More people like Naomi are stuck in temporary accommodation than ever before. When her mother kicked her out after finding out she was pregnant, Naomi slept on friends’ sofas during the early stages of her pregnancy before moving into temporary accommodation with her two-year-old daughter. Image: Centre for Homelessness Impact / Aaron Chown / PA Wire.
The number of households living in temporary accommodation in England is now at the highest point on record as the country’s housing crisis continues to leave families locked out of homes.
A total of 101,300 households, including 127,220 children, were living in hotels, B&Bs and other makeshift accommodation at the end of December last year, government figures show, representing a 5 per cent rise in the space of a year.
The last time more than 100,000 households lived in temporary accommodation was in 2005. But as a shortage of affordable housing sent rents to record-highs and house prices soaring, the number of households living in short-term homes has doubled since 2012.
John Glenton, executive director of housing association Riverside Care and Support, said a “perfect storm” of the cost of living crisis, rising rents and a backlog of eviction court cases has driven households to temporary accommodation.
“It is very worrying to see the number of households in temporary accommodation hit their highest levels in nearly 20 years. Sadly, it is not entirely surprising,” said Glenton. “We now face a perfect storm of factors driving more people into homelessness while giving us fewer good options to help them when they do.
“As a society we need to recognise that investing in social housing stock – and particularly in housing types that provide homeless households with a route back to security, such as one-bedroomed flats – is not just an investment in bricks and mortar.”
The surge in temporary accommodation in 2022 was driven by rising numbers of families with children left without a permanent home. A total of 62,410 families were based in a temporary home – up 6 per cent on 2021 levels – while the number of single individuals rose 3 per cent to 38,890.
More families have been put up in B&Bs in the last year as local authorities have struggled to find suitable accommodation to house them.
A total of 12,220 households were living in B&Bs at the end of 2022 – up almost a third in 2022 – with the number of families with children in B&Bs more than doubling to 2,980 households.
The majority of households living in temporary accommodation are based in London where 16 out of every 1,000 households live in short-term homes. Elsewhere in England, two out of every 1,000 households live in temporary accommodation.
Christa Maciver, head of research, policy and communications at homelessness charity Justlife, said new regulation is required to improve the state of temporary accommodation but only more social housing can end the need for it.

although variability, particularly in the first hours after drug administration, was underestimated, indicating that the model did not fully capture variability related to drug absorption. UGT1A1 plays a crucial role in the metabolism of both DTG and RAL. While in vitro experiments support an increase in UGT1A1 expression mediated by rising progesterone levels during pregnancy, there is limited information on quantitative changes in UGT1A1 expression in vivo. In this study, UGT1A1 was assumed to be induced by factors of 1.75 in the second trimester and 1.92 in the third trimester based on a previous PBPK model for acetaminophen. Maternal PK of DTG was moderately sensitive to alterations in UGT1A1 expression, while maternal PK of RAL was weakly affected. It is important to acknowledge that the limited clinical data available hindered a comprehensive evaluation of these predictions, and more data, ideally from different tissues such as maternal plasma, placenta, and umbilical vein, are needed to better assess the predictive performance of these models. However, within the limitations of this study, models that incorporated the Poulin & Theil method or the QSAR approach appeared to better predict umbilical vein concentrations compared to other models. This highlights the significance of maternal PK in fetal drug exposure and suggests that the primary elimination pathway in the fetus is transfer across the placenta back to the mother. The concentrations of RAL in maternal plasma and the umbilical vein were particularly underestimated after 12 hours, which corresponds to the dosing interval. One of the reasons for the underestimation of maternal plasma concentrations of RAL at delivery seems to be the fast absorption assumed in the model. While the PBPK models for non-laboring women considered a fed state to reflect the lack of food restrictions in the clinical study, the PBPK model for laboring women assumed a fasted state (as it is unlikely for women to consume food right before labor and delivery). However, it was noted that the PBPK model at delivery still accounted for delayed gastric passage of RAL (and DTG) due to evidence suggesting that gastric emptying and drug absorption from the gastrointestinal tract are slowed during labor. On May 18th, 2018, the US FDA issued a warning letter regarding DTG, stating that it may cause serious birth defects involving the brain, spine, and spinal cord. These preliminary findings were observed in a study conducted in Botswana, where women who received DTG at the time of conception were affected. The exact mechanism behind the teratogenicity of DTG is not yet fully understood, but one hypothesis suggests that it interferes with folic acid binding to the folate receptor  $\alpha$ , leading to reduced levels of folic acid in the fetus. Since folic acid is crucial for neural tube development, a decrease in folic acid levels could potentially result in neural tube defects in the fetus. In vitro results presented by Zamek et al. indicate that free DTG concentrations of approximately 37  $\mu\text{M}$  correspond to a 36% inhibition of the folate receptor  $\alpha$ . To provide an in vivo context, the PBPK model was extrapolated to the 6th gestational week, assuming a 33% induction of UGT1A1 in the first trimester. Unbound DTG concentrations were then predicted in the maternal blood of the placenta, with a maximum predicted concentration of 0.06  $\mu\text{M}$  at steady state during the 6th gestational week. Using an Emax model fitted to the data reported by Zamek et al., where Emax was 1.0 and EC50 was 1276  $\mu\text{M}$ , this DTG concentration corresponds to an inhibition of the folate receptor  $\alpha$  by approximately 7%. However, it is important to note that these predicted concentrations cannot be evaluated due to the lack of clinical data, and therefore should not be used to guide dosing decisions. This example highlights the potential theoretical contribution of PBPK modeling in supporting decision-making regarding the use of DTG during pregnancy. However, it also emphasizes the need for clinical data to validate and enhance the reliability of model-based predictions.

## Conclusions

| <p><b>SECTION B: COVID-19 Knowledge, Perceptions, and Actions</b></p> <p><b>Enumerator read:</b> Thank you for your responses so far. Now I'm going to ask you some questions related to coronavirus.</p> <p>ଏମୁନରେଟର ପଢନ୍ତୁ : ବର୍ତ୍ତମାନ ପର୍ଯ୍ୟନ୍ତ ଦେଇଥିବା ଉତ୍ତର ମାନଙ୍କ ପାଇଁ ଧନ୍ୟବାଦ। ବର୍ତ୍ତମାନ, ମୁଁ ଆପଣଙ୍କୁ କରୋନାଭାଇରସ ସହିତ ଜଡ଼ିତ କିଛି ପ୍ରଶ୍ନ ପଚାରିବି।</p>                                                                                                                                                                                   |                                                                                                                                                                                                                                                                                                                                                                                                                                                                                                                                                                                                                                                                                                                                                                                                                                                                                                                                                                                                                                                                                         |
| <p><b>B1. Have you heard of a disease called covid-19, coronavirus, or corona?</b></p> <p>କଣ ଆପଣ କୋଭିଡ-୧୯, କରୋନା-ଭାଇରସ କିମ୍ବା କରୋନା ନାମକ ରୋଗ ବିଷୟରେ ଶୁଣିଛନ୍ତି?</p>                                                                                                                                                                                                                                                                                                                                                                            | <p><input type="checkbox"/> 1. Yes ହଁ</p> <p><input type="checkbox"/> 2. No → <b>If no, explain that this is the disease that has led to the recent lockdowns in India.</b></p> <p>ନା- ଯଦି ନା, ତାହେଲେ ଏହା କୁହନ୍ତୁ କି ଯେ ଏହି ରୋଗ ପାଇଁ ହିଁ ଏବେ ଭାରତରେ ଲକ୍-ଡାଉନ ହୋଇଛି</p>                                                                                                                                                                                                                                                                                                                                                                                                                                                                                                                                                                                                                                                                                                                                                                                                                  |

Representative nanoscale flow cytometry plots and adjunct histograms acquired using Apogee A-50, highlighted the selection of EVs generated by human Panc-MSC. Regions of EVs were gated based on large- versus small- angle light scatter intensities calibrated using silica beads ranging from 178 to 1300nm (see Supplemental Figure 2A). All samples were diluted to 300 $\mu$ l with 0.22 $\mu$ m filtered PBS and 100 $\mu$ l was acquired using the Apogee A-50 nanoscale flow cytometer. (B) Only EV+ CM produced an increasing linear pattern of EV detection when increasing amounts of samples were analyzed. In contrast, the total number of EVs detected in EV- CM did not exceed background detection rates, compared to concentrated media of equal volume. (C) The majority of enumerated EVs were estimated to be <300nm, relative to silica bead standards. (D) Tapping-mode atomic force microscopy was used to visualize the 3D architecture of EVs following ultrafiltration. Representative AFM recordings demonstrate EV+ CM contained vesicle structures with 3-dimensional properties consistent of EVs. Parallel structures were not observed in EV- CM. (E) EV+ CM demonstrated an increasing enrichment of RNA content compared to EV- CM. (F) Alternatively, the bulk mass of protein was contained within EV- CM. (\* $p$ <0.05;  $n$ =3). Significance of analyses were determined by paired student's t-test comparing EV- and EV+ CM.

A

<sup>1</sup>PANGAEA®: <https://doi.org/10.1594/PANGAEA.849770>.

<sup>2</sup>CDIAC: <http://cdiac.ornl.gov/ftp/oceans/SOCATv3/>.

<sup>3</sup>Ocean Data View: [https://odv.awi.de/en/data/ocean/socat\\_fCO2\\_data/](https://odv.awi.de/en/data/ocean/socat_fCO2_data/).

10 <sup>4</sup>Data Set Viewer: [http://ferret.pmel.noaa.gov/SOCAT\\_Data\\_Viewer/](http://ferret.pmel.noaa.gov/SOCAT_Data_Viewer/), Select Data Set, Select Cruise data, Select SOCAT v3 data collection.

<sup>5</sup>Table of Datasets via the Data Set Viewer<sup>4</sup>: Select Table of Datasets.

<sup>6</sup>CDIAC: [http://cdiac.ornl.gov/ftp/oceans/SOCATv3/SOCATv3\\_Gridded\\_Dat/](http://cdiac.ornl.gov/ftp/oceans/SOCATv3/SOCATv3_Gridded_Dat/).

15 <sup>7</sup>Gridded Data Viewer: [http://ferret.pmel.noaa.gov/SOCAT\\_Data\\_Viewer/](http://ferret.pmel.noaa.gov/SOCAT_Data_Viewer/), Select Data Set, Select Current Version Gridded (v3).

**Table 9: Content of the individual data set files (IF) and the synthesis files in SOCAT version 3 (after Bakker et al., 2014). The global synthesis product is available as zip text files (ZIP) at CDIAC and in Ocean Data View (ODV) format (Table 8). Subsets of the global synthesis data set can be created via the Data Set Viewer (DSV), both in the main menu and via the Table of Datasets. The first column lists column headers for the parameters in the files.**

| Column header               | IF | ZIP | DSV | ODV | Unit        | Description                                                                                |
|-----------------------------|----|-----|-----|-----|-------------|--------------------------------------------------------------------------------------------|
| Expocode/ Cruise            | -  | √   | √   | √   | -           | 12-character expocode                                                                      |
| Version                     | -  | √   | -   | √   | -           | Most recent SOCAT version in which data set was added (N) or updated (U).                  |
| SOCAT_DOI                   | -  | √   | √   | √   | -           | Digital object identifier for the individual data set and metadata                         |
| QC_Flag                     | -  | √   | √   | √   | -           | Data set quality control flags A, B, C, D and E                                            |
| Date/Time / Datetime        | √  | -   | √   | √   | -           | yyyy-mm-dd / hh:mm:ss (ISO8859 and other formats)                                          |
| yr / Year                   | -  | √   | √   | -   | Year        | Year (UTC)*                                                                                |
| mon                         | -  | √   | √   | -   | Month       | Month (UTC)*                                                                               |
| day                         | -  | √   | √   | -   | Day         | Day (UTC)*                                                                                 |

Maciver said: “The government has to prioritise social housing, but we also need to look at what we can do in the short-term to lift standards, starting with including TA under the decent homes standard in the new Renters Reform Bill.”
Matt Downie, chief executive of Crisis, said the statistics showed “the homelessness system is on its knees” and that the need for good, affordable homes “could not be more desperate”.
Downie added: “Years of inaction and failure has brought us to this point. We’re supporting people trapped in temporary accommodation who are living in one room with their children, often without facilities to cook their own meals or do their washing – causing real damage to their physical and mental health.”
Overall, 72,550 families and individuals contacted local authorities for support with homelessness between October and December last year, up almost 5 per cent on the same three-month period a year earlier.
There was a particular surge in the number of families with children requiring relief from homelessness. The 9,820 homeless families councils supported at the end of 2022 was 14 per cent higher than in 2021.
The loss of a private rented tenancy was the most common reason why councils had to step in to prevent homelessness, accounting for 11,790 households. Landlords wishing to sell or re-let their property made up 63 per cent of those cases.
Just over 5,000 households needed council support after receiving a Section 21 notice between October and December last year, although this represented a 5 per cent drop when compared to 2021.
A government spokesperson said: “Over 600,000 households have been prevented from becoming homeless or supported into settled accommodation since 2018 but we know there is more to be done to help families at risk of losing their homes.
“We are giving councils £1 billion through the Homelessness Prevention Grant over three years, to help them prevent and tackle homelessness targeted in areas where it is needed most.”
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